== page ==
Employees’ cybersecurity habits worsen

In Opinions

Tomas Foltyn, security writer at ESET explains that despite rising number of incidences. the organisations not doing enough to control the worsening cyber hygiene habits of employees that might put the organistion at risk.

The prevalence of cybersecurity incidents and the concomitant growing concerns about any organization’s cybersecurity posture haven’t done much to discourage many employees from engaging in poor security habits, a survey has found.

In some respects, employees’ cyber-hygiene is actually getting worse, according to the 2018 Market Pulse Survey by identity governance provider SailPoint, which gathered opinions from 1,600 employees at organizations with at least 1,000 employees in Australia, France, Germany, Italy, Spain, the United Kingdom, and the United States.

Three in every four respondents admitted to reusing passwords across accounts. In the survey’s 2014 edition, the same was true for “only” 56% of the employees.

The generation that has grown up with technology and might therefore be expected to know better fares even worse in this department: no fewer than 87% of people aged 18-25 duplicate their passwords, including nearly one-half who do so across personal and work accounts.

In addition, 31% of the respondents admitted to having deployed software without the authorization of their respective organization’s IT department in a practice dubbed “shadow IT” – an increase from 20% in 2014. Such willingness to skirt considerations of security, across all age groups, was largely attributed to workers’ efforts to boost their work efficiency.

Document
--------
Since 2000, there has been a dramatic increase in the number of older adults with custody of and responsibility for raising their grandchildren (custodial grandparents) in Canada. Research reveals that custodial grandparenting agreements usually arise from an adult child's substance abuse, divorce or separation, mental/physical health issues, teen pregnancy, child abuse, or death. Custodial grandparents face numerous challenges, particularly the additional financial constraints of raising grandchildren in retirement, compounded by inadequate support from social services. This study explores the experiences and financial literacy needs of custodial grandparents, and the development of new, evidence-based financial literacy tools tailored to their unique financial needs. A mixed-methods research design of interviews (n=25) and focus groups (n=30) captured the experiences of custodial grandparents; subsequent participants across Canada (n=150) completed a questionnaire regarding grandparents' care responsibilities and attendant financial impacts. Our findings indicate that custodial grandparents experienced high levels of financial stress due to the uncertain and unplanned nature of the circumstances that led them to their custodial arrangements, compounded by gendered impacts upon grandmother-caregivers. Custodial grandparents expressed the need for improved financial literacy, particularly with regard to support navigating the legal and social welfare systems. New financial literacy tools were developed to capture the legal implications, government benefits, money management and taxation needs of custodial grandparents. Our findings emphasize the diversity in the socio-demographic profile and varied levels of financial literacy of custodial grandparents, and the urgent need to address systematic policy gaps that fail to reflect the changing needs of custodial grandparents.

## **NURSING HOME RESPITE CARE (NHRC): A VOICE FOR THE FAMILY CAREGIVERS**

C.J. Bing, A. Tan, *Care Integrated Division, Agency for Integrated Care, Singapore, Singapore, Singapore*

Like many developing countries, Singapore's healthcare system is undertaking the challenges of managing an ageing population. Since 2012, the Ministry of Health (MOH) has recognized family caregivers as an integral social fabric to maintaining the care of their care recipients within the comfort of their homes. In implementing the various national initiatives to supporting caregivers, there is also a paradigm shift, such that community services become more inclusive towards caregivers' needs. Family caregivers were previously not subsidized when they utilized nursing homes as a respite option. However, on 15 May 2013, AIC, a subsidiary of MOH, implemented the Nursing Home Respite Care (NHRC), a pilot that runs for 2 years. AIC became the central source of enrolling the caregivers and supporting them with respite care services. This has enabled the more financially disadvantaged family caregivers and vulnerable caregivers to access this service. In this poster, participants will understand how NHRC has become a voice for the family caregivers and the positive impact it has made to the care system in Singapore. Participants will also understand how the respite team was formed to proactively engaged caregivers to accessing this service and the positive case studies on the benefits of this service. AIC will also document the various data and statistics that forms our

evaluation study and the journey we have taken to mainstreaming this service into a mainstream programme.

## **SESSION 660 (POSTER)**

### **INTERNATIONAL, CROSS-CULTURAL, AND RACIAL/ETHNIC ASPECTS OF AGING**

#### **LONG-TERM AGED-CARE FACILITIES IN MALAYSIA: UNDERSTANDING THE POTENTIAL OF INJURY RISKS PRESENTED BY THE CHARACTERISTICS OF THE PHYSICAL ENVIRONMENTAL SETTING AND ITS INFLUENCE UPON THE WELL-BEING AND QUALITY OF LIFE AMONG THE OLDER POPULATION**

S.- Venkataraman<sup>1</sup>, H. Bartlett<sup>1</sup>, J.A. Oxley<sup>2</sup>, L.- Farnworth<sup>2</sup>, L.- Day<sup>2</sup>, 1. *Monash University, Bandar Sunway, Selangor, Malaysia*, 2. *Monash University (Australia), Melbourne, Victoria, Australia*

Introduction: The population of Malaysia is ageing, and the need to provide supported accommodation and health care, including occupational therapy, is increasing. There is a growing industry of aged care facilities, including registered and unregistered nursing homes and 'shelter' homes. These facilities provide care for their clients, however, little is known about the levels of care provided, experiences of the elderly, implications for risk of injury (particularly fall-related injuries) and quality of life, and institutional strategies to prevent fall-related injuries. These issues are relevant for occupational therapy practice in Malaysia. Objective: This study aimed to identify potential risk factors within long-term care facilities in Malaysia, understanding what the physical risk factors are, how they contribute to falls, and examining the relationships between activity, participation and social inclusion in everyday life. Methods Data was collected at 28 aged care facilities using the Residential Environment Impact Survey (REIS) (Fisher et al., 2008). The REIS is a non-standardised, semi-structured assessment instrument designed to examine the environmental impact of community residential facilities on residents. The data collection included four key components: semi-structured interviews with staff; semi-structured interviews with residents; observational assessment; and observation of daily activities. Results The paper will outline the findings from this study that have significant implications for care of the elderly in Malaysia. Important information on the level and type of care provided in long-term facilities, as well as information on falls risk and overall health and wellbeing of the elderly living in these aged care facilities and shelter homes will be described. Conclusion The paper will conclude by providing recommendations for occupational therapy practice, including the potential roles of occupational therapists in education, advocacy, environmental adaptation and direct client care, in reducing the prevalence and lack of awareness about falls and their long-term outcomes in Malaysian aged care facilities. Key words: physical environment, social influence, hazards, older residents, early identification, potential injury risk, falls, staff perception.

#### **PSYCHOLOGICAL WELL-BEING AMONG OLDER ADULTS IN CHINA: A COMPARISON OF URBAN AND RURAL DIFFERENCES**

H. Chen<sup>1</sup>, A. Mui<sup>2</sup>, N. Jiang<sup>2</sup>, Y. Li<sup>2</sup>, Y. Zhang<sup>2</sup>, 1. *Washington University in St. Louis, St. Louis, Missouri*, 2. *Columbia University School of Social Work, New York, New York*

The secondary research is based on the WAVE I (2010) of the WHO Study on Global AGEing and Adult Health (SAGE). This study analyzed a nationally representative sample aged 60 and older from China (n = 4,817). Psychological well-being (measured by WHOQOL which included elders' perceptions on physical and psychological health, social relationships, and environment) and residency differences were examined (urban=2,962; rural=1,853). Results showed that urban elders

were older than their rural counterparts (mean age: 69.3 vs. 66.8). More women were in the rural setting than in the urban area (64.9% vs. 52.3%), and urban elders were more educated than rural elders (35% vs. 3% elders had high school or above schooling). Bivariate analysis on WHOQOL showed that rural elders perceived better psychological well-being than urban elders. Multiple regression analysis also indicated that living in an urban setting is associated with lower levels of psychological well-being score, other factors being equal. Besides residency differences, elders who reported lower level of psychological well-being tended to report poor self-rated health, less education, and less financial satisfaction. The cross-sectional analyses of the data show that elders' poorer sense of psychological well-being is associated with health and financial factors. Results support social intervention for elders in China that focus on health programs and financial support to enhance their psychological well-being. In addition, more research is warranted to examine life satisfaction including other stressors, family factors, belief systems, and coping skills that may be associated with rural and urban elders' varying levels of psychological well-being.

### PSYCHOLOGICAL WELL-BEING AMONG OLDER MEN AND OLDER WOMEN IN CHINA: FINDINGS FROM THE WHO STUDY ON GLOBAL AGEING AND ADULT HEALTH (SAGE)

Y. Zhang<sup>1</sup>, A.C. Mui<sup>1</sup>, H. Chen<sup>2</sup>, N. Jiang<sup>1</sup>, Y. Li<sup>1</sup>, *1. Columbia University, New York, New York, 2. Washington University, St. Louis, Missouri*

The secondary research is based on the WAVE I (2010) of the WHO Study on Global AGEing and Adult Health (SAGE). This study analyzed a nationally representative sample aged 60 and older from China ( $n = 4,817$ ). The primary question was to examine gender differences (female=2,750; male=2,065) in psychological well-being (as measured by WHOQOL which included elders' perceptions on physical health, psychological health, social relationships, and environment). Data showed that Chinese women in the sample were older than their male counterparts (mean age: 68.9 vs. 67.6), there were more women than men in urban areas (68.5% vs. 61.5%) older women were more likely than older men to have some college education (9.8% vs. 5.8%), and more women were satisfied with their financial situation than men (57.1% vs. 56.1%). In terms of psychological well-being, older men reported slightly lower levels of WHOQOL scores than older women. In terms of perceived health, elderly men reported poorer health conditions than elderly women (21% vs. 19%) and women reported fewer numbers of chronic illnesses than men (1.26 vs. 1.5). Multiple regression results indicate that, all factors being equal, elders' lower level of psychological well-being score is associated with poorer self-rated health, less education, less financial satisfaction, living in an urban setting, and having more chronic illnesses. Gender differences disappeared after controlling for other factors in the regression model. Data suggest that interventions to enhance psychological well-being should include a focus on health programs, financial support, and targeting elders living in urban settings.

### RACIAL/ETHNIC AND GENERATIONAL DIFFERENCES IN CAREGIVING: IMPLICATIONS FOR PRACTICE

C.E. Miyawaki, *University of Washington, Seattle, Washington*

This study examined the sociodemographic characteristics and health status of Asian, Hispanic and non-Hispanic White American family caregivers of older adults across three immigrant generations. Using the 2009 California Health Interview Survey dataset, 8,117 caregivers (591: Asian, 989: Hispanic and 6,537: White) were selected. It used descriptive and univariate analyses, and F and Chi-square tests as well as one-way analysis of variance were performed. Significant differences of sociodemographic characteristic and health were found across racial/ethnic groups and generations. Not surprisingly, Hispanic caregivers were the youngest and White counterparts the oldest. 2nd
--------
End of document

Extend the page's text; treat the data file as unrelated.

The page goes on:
A sense of disconnect between the employees and the IT teams is also seen in that more than one-half (55%) of the respondents said that their organization’s IT department can be a source of inconvenience.

In fact, 13% of employees admitted they would not immediately alert their IT team should they think that they had been hacked. Indeed, nearly the same share (49%) of employees said that they would actually blame the IT department for a cyberattack if it occurred as a result of an employee being hacked.

Even in the absence of malicious intentions, however, intentionally skimping on security adds to the range of myriad risks that not only large organizations face at present. This is unfolding against the backdrop of challenges introduced by the ongoing digital transformation and efforts of businesses to keep up with the requirements of today’s digital era.


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